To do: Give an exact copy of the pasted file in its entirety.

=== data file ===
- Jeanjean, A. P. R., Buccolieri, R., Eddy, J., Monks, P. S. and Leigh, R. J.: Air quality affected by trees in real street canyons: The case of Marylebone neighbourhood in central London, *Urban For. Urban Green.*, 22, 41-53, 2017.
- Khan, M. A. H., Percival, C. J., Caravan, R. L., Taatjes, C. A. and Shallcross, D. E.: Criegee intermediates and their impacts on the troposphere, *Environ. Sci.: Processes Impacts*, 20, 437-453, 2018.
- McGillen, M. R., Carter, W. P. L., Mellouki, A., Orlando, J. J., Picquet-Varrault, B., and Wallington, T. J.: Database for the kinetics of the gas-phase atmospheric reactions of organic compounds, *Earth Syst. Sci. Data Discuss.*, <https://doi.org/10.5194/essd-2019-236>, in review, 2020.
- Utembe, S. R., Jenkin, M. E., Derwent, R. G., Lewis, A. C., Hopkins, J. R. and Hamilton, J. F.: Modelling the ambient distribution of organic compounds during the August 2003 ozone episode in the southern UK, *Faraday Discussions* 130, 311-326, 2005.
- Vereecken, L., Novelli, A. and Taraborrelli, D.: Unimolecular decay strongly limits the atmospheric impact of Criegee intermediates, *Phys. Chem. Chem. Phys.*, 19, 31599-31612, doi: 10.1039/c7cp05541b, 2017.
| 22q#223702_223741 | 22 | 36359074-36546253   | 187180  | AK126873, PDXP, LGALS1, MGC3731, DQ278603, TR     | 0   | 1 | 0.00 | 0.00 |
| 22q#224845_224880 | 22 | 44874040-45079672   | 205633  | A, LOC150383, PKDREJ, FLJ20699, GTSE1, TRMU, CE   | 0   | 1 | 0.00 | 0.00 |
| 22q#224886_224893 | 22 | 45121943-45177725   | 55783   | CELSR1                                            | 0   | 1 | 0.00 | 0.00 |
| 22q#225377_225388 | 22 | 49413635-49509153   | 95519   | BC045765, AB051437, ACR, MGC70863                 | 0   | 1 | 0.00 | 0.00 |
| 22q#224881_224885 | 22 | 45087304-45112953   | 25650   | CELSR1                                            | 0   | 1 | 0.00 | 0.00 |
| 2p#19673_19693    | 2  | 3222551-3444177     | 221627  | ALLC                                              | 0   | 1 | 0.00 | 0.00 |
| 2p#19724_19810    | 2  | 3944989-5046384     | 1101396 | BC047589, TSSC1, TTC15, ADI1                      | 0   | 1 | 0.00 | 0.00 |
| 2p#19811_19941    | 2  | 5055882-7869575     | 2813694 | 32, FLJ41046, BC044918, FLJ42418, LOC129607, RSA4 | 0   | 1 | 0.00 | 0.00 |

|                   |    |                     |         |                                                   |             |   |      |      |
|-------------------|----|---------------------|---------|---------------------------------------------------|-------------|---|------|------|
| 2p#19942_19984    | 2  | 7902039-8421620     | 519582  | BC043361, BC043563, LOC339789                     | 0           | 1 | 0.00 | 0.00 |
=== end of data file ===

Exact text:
- Jeanjean, A. P. R., Buccolieri, R., Eddy, J., Monks, P. S. and Leigh, R. J.: Air quality affected by trees in real street canyons: The case of Marylebone neighbourhood in central London, *Urban For. Urban Green.*, 22, 41-53, 2017.
- Khan, M. A. H., Percival, C. J., Caravan, R. L., Taatjes, C. A. and Shallcross, D. E.: Criegee intermediates and their impacts on the troposphere, *Environ. Sci.: Processes Impacts*, 20, 437-453, 2018.
- McGillen, M. R., Carter, W. P. L., Mellouki, A., Orlando, J. J., Picquet-Varrault, B., and Wallington, T. J.: Database for the kinetics of the gas-phase atmospheric reactions of organic compounds, *Earth Syst. Sci. Data Discuss.*, <https://doi.org/10.5194/essd-2019-236>, in review, 2020.
- Utembe, S. R., Jenkin, M. E., Derwent, R. G., Lewis, A. C., Hopkins, J. R. and Hamilton, J. F.: Modelling the ambient distribution of organic compounds during the August 2003 ozone episode in the southern UK, *Faraday Discussions* 130, 311-326, 2005.
- Vereecken, L., Novelli, A. and Taraborrelli, D.: Unimolecular decay strongly limits the atmospheric impact of Criegee intermediates, *Phys. Chem. Chem. Phys.*, 19, 31599-31612, doi: 10.1039/c7cp05541b, 2017.
| 22q#223702_223741 | 22 | 36359074-36546253   | 187180  | AK126873, PDXP, LGALS1, MGC3731, DQ278603, TR     | 0   | 1 | 0.00 | 0.00 |
| 22q#224845_224880 | 22 | 44874040-45079672   | 205633  | A, LOC150383, PKDREJ, FLJ20699, GTSE1, TRMU, CE   | 0   | 1 | 0.00 | 0.00 |
| 22q#224886_224893 | 22 | 45121943-45177725   | 55783   | CELSR1                                            | 0   | 1 | 0.00 | 0.00 |
| 22q#225377_225388 | 22 | 49413635-49509153   | 95519   | BC045765, AB051437, ACR, MGC70863                 | 0   | 1 | 0.00 | 0.00 |
| 22q#224881_224885 | 22 | 45087304-45112953   | 25650   | CELSR1                                            | 0   | 1 | 0.00 | 0.00 |
| 2p#19673_19693    | 2  | 3222551-3444177     | 221627  | ALLC                                              | 0   | 1 | 0.00 | 0.00 |
| 2p#19724_19810    | 2  | 3944989-5046384     | 1101396 | BC047589, TSSC1, TTC15, ADI1                      | 0   | 1 | 0.00 | 0.00 |
| 2p#19811_19941    | 2  | 5055882-7869575     | 2813694 | 32, FLJ41046, BC044918, FLJ42418, LOC129607, RSA4 | 0   | 1 | 0.00 | 0.00 |

|                   |    |                     |         |                                                   |             |   |      |      |
|-------------------|----|---------------------|---------|---------------------------------------------------|-------------|---|------|------|
| 2p#19942_19984    | 2  | 7902039-8421620     | 519582  | BC043361, BC043563, LOC339789                     | 0           | 1 | 0.00 | 0.00 |